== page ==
5. Most treasured possession? My pearl ring from my husband. I don’t wear it that much, only for special occasions but it’s something that I treasure. 6. A music genre I love I enjoy most kinds of music, however, if I had to choose it would be the ‘80s. All good things came from the ‘80s, haha including me. 7. A movie that affected me... I love romance but also enjoy empowering films as well. Dirty Dancing was a favourite growing up, and Gladiator gives all the emotions, but I love the strength and power of the movie. 8. A car that I wish I owned? I do like black cars, and once the kids are out, I would like to own a Mercedes-Benz GLE. 9. If I wore a hat, this is it… I only wear two styles of hats, a visor for exercise, and when out watching our son play soccer, a knit Panama hat. 10. The lingerie label I love is… Depends on the occasion... I like all kinds of lingerie, and I have a different style for all times. 11. My favourite perfume is… Coco Mademoiselle Chanel. It was my wedding perfume and every time I wear it I get complimented.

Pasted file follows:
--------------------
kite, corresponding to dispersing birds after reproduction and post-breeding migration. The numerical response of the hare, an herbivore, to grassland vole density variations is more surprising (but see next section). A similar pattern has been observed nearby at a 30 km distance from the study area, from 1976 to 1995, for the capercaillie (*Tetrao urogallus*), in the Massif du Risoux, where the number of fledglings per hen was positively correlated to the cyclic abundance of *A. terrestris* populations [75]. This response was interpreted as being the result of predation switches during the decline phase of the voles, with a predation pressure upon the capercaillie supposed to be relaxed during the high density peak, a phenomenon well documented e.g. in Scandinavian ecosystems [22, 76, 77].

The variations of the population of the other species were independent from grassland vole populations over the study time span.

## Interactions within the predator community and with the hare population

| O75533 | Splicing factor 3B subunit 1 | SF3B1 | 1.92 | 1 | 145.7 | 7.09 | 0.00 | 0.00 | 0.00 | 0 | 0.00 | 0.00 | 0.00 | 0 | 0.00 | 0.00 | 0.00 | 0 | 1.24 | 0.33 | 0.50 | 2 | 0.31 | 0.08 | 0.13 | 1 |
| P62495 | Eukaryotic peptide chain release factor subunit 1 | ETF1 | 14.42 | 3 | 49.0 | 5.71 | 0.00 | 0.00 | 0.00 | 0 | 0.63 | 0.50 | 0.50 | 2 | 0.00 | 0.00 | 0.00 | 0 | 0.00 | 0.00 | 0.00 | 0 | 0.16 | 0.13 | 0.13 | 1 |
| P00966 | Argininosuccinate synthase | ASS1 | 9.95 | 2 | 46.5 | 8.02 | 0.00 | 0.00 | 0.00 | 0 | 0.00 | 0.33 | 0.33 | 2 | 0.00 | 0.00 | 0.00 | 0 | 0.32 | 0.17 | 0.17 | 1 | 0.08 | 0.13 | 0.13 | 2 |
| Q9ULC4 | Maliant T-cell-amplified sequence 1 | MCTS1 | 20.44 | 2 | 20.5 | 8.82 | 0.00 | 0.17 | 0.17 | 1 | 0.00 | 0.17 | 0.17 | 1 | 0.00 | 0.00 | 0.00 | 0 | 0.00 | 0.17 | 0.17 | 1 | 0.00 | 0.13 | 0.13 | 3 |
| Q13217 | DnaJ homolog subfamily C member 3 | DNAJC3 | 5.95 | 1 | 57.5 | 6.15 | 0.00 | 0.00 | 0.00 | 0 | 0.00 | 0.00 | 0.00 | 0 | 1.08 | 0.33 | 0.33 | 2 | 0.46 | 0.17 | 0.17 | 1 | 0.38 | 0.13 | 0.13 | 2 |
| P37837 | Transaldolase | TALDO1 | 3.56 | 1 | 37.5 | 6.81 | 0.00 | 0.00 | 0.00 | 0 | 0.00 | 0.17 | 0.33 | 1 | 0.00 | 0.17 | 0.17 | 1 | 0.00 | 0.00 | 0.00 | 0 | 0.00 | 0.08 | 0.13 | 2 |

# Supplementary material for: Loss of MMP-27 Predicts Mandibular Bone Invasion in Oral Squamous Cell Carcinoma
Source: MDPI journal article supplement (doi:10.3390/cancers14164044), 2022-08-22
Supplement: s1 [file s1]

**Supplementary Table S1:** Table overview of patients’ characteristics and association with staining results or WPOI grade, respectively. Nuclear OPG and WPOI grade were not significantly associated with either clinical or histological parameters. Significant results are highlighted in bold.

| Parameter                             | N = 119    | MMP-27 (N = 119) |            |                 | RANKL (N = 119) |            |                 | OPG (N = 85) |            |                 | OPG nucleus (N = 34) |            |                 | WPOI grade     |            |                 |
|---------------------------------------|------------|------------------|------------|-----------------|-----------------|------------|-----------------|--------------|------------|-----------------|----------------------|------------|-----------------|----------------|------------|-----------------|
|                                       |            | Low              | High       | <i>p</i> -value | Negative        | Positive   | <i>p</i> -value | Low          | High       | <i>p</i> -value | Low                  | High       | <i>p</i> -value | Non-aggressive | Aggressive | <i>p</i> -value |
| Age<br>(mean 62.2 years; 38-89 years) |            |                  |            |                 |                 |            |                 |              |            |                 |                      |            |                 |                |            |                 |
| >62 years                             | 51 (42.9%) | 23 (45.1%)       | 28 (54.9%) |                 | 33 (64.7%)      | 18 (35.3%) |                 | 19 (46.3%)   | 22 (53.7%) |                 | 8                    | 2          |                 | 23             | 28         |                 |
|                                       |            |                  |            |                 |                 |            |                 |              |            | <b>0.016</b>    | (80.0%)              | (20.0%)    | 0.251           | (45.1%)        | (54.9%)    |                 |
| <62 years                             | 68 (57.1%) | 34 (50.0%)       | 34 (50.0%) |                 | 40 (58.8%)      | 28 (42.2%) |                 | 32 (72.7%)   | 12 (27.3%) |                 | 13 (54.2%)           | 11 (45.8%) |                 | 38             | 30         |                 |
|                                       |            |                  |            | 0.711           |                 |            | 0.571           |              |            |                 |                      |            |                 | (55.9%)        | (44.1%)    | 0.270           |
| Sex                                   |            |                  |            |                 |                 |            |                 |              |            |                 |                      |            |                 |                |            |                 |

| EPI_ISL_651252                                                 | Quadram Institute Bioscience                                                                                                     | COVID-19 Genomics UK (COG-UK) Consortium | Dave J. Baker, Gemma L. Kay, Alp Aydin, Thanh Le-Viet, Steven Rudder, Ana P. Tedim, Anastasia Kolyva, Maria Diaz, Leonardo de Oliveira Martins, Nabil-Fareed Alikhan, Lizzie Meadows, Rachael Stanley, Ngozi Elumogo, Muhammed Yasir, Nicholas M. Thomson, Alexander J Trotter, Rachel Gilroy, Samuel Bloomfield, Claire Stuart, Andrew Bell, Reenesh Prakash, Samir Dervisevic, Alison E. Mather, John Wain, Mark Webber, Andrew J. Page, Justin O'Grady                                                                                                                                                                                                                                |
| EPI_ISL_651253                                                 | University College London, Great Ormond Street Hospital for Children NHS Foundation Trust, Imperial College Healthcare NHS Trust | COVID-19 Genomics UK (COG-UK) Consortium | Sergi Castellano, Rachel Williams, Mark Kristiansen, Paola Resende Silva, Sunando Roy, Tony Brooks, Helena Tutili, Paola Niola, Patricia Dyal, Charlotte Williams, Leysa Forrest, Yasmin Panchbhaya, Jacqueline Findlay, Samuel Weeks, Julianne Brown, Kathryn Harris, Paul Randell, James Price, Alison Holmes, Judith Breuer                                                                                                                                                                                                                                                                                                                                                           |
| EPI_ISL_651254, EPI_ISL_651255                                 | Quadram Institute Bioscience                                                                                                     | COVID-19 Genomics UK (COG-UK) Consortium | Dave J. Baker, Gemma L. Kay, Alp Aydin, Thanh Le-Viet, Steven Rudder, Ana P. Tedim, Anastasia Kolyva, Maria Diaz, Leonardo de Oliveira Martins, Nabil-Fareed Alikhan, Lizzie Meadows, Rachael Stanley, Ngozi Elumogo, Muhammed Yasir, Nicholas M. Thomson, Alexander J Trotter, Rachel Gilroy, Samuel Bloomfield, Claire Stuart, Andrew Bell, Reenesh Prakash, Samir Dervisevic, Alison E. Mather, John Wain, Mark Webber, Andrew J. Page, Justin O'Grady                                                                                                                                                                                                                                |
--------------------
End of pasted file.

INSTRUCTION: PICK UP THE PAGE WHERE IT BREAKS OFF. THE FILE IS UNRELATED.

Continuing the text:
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5 minutes with...

clockwise above: Lissa Thomson Cherrone Fuller Brittany Maloney Sarah Bulfin

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INTERVIEW

5 minutes with... the Donohues team

Lissa Thomson

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Cherrone Fuller

Sarah Bulfin

Brittany Maloney